Hello, Universe!

Have you been looking at the photos from the James Webb telescope?

It’s pretty great (and unusual) when the whole world can agree on something, and sometimes science provides exactly that opportunity. Like this month. We’ve been collectively gawping at the amazing images sent to us by the James Webb space telescope.

Thousands of galaxies flood this near-infrared image of galaxy cluster SMACS 0723.

I mean, come on! How can you not be amazed?

The James Webb was more than 30 years in the making. It launched in December 2021 and much of the scientific community has been holding its collective breath while the device made its way to deep space, opened and arranged its array of mirrors, and began to collect data.

And now we’re getting a peek at places and things no human eyes have seen before.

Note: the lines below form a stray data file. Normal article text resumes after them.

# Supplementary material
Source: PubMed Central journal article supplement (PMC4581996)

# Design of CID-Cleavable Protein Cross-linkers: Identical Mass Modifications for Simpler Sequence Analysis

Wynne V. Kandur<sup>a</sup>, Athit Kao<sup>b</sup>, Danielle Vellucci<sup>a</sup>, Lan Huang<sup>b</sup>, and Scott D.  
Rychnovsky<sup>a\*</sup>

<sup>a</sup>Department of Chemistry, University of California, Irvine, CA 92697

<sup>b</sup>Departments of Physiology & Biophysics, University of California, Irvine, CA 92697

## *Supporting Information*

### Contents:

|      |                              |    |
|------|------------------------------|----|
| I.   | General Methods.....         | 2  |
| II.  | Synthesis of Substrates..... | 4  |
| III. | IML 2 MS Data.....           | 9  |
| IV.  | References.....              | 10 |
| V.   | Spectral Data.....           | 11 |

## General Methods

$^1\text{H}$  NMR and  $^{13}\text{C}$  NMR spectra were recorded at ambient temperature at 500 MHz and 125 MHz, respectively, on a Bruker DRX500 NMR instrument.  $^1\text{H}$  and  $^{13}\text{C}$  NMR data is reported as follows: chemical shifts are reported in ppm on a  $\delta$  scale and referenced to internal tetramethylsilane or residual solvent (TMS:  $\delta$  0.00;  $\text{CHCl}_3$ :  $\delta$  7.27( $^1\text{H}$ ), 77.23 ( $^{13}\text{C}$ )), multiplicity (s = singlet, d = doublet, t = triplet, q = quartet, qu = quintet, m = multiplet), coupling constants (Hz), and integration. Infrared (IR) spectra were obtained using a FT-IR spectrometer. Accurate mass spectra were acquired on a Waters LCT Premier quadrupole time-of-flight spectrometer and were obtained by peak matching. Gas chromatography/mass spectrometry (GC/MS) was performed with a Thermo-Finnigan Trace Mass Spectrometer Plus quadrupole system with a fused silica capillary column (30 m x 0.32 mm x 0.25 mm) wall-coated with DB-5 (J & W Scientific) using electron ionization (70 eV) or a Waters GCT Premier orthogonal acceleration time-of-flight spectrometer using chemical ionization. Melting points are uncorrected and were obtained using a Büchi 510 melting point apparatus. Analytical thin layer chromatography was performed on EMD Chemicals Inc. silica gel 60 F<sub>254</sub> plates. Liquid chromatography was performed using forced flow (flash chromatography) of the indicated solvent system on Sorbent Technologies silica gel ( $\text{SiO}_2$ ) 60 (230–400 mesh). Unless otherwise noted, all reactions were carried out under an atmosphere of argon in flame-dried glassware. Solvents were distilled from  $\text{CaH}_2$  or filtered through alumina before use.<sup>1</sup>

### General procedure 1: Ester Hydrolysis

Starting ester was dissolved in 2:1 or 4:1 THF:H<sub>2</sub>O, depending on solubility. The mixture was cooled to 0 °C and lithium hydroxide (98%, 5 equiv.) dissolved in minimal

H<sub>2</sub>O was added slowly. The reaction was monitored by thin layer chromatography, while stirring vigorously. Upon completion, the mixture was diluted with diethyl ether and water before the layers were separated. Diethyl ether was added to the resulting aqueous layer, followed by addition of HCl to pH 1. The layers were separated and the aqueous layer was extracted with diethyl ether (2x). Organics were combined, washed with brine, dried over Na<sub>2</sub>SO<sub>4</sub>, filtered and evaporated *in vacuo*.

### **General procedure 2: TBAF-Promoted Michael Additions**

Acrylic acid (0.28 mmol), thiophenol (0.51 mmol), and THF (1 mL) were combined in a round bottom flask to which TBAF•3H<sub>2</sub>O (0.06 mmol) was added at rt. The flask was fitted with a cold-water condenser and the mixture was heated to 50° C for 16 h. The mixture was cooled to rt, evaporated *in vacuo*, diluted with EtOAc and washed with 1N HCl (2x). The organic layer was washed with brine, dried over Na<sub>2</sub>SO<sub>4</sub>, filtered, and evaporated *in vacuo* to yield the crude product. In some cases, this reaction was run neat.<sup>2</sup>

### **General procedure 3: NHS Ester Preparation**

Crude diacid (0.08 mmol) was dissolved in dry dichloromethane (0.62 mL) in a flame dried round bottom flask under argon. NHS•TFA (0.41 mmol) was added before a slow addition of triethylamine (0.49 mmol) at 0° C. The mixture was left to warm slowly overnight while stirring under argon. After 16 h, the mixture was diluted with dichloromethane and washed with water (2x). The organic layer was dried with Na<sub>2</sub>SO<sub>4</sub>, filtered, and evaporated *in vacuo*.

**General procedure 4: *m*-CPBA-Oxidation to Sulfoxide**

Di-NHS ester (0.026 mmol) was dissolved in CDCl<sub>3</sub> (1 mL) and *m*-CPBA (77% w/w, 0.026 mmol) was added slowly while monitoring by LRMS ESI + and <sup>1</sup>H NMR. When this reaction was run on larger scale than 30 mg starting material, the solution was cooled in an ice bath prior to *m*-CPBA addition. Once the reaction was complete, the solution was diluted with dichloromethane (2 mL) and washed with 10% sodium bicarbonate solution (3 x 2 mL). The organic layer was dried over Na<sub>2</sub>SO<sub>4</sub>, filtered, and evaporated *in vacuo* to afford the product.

What looks much like craggy mountains on a moonlit evening is actually the edge of a nearby, young, star-forming region known as NGC 3324. Called the Cosmic Cliffs, this rim of a gigantic, gaseous cavity is roughly 7,600 light-years away.


At least not this clearly and with this high a resolution. Let’s not forget Hubble, which has been amazing both professional and amateur astronomers since 1990, far surpassing its expected lifetime.What does this mean for us here on Earth, to look at planets and galaxies that we’ll likely never to get to visit? For one, the study of astronomy is the study of ourselves, of how our planet came to to exist in such a way that supports life. And it’s a study of resources—where do the minerals and elements that we rely on come from?

And looking at photos made of light that originated 13.7 billion years ago is a really amazing way to spend some time. And maybe the thought of that light traveling all this way will inspire us to be a better species. One that takes care of the only planet we’ve got. Because even though we’re discovering new galaxies every day now, they’re a long way away.


The bright star at the center of NGC 3132,


All images courtesy of NASA and STScI.

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